After a year long backlash against Republican Governor Scott Walker the results are in. Walker and his Lt. Governor will retain their seats. Of the four other Republicans on the recall ballot, only one was ousted by Democrats. Former Senator John Lehman reclaimed his Senate seat in the 21st District from Senator Van Wanggaard by less than a mere 1,000 votes. Both parties are calling this a victory since Lehman’s win gives control of the Senate back to the Democrats which will effectively stop Walker’s legislative onslaught of measures designed to usurp unions and gain complete control of Wisconsin’s legislature for corporations.
Republicans are claiming victory by just not losing. But that pyrrhic victory came at a price. Continue reading
Love is blind, justice was peeking.
There is a tenant in criminal law that proclaims that it is better to let one guilty man go free than it is to convict ten innocent men. That is the core of our legal system. Innocent until proven guilty. Everyone deserves an impartial judgement of their peers regardless of the heinousness of the crime. The burden of proof does not fall upon the accused. It falls upon the state. No punitive action may be taken until the state proves beyond reasonable doubt that the accused actually performed the deed in question.
This is a good philosophy. It keeps the government from becoming a tyranny that arbitrarily and capriciously renders judgement based upon its own purposes. Anything else results in something other and more sinister than a democracy.
Voter fraud; the act of voting under false pretense either as posing as a non-citizen, another person, or voting more than once, is a concern and election offices in states take great pains to prevent it from happening. Continue reading
An hommage to Sheperd Fairey
We tiny humans are a curious evolutionary accident. In nature, many species bear their offspring and those animals have mere seconds to get on their feet and start running with the herd. Otherwise, they are dinner for some other type of animal lurking nearby. But human babies require years of nursing and attention of at least one parent before they can function on their own and even a decade or more before they can operate as autonomous individuals in their cohort. This would seem to be an evolutionary disadvantage save for the fact that humans have evolved as tribes that protect mothers and newborns from predators.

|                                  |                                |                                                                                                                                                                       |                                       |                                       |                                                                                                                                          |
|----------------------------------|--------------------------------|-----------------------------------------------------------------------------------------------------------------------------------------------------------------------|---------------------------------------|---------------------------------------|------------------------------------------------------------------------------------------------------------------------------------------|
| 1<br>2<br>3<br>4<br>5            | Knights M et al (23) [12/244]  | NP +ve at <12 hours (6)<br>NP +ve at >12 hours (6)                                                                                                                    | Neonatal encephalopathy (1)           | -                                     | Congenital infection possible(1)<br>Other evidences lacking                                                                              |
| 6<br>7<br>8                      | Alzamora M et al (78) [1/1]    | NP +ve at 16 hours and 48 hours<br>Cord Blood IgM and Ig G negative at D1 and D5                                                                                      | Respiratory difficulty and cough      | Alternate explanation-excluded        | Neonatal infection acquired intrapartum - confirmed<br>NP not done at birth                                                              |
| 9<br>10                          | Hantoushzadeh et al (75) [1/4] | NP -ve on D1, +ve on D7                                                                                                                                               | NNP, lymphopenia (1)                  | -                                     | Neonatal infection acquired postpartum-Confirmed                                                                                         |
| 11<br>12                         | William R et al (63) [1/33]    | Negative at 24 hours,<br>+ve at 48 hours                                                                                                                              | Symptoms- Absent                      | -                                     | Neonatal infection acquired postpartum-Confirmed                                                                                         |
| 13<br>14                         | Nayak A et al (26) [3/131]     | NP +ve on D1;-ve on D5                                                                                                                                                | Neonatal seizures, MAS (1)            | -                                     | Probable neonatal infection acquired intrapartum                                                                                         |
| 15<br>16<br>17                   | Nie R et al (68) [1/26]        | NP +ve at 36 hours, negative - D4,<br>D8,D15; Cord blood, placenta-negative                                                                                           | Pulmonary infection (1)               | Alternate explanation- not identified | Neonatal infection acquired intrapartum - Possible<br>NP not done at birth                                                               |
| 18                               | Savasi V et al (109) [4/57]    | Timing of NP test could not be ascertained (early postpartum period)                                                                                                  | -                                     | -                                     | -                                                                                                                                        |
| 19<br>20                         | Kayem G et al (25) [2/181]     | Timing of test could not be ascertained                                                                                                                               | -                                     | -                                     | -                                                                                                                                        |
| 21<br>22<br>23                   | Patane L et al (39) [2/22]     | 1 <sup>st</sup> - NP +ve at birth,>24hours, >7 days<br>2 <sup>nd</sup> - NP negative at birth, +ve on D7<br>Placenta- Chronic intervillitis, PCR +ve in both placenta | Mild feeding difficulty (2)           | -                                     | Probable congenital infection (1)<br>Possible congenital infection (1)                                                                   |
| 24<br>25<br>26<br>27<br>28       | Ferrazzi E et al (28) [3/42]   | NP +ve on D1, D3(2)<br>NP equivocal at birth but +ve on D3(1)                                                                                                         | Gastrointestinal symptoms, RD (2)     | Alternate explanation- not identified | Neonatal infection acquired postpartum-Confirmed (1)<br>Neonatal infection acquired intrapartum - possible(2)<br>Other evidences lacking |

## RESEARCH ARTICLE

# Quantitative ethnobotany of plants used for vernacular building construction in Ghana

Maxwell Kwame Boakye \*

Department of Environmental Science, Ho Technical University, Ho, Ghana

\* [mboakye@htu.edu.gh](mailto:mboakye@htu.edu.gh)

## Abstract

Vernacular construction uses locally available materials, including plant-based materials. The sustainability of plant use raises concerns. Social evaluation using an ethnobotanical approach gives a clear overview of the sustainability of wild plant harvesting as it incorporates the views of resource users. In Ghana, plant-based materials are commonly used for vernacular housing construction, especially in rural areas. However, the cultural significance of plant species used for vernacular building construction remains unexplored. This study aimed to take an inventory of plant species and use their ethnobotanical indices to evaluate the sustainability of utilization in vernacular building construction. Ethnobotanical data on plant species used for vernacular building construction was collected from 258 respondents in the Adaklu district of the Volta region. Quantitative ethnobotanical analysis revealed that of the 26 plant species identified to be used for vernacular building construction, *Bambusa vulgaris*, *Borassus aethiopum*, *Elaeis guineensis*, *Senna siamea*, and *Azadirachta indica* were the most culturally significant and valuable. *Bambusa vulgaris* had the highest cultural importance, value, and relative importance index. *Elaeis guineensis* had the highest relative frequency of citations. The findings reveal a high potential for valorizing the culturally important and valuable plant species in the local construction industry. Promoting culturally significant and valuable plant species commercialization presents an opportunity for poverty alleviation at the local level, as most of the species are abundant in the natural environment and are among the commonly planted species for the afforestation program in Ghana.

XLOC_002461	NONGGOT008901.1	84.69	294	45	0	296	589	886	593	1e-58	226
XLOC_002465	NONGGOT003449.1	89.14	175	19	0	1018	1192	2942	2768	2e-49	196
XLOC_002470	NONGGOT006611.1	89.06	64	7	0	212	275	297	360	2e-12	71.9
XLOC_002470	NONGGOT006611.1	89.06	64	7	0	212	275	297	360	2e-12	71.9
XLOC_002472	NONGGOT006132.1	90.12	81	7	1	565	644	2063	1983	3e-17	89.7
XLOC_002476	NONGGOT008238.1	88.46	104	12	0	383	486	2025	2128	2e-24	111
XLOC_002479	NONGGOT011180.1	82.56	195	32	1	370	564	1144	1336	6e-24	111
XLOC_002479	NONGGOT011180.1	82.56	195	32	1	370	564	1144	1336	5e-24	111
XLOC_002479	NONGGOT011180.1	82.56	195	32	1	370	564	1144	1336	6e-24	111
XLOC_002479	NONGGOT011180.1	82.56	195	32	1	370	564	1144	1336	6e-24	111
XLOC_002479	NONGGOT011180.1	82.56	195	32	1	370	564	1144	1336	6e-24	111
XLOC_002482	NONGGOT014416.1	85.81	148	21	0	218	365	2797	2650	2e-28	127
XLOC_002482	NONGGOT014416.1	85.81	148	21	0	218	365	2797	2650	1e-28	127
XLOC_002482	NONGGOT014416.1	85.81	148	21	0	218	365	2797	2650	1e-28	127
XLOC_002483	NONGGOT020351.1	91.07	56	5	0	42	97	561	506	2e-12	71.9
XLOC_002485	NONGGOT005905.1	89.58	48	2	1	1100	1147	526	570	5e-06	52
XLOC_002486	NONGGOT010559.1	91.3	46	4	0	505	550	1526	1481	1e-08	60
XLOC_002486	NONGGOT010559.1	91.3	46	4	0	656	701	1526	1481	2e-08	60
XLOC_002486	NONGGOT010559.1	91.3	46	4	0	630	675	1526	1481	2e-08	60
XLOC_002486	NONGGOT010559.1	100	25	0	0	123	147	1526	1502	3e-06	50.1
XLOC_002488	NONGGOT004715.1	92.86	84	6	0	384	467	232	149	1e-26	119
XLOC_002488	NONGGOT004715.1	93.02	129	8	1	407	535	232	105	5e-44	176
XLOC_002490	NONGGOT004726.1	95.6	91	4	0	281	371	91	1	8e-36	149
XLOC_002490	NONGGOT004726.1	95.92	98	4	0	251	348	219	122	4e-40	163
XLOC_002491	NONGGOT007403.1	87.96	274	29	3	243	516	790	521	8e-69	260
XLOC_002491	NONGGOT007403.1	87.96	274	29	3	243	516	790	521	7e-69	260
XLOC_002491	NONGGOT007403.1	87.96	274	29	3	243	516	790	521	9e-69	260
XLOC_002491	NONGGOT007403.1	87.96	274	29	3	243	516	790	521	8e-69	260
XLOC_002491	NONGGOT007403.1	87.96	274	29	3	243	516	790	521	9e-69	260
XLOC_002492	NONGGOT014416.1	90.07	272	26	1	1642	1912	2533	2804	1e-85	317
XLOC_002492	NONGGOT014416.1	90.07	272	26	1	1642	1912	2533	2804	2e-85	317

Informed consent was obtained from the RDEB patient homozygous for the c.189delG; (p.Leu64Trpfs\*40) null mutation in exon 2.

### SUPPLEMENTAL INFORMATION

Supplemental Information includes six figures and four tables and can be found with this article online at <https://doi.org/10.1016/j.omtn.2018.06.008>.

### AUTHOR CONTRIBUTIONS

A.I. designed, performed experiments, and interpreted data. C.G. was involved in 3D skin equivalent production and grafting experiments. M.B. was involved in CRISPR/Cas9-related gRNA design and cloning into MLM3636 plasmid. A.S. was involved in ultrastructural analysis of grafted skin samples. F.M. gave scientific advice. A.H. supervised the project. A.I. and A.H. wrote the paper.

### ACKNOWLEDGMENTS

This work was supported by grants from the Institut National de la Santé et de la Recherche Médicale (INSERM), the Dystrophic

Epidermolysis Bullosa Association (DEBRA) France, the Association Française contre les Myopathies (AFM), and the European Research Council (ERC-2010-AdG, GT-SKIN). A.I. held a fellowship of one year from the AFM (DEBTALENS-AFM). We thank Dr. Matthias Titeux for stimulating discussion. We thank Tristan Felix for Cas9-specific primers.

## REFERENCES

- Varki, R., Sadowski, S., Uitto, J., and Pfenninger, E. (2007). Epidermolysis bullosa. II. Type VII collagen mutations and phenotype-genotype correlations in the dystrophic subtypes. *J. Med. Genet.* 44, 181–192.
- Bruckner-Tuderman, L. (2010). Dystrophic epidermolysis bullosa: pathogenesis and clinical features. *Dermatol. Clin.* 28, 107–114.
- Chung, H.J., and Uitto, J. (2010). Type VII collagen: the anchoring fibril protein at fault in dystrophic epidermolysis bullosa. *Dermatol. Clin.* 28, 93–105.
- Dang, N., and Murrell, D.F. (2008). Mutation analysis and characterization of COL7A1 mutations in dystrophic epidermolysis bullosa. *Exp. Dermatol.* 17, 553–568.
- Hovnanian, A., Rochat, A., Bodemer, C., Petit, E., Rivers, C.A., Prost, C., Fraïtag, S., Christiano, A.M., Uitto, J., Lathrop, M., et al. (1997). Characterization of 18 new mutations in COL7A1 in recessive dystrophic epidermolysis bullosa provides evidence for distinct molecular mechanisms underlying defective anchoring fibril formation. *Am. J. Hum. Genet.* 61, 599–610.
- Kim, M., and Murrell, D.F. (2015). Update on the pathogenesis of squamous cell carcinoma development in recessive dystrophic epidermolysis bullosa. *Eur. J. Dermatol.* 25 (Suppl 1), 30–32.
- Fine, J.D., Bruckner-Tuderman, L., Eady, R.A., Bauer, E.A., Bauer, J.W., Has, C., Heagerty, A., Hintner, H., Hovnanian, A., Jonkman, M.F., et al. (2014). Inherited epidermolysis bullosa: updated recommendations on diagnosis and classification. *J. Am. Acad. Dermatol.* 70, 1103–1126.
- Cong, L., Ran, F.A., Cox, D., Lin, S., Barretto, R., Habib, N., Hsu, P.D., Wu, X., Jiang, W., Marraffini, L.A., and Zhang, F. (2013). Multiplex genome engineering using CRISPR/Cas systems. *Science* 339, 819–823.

But one thing most species have in common is fear. Being distrustful of things has probably ensured our survival. It’s why most of us stand back from the edge of the cliff. Pain is also a factor. We learn from painful experiences not to do certain things. Our fear of experiencing that pain again helps us avoid those things that are potentially harmful to us. That little warning voice coming from the amygdala in our brains has probably ensured our survival as a species.
There are also some negative effects as well. Racism is likely a fearful response towards people who do not look like you. That may have been useful long ago to protect your tribe from pillagers but that trait isn’t terribly useful now even though we recently waged a world war based on a philosophy of a ‘master race’ and in our own country over whether people with dark skin were less than human. Fear is indeed a powerful motivator.
Fear works in religion as well. Continue reading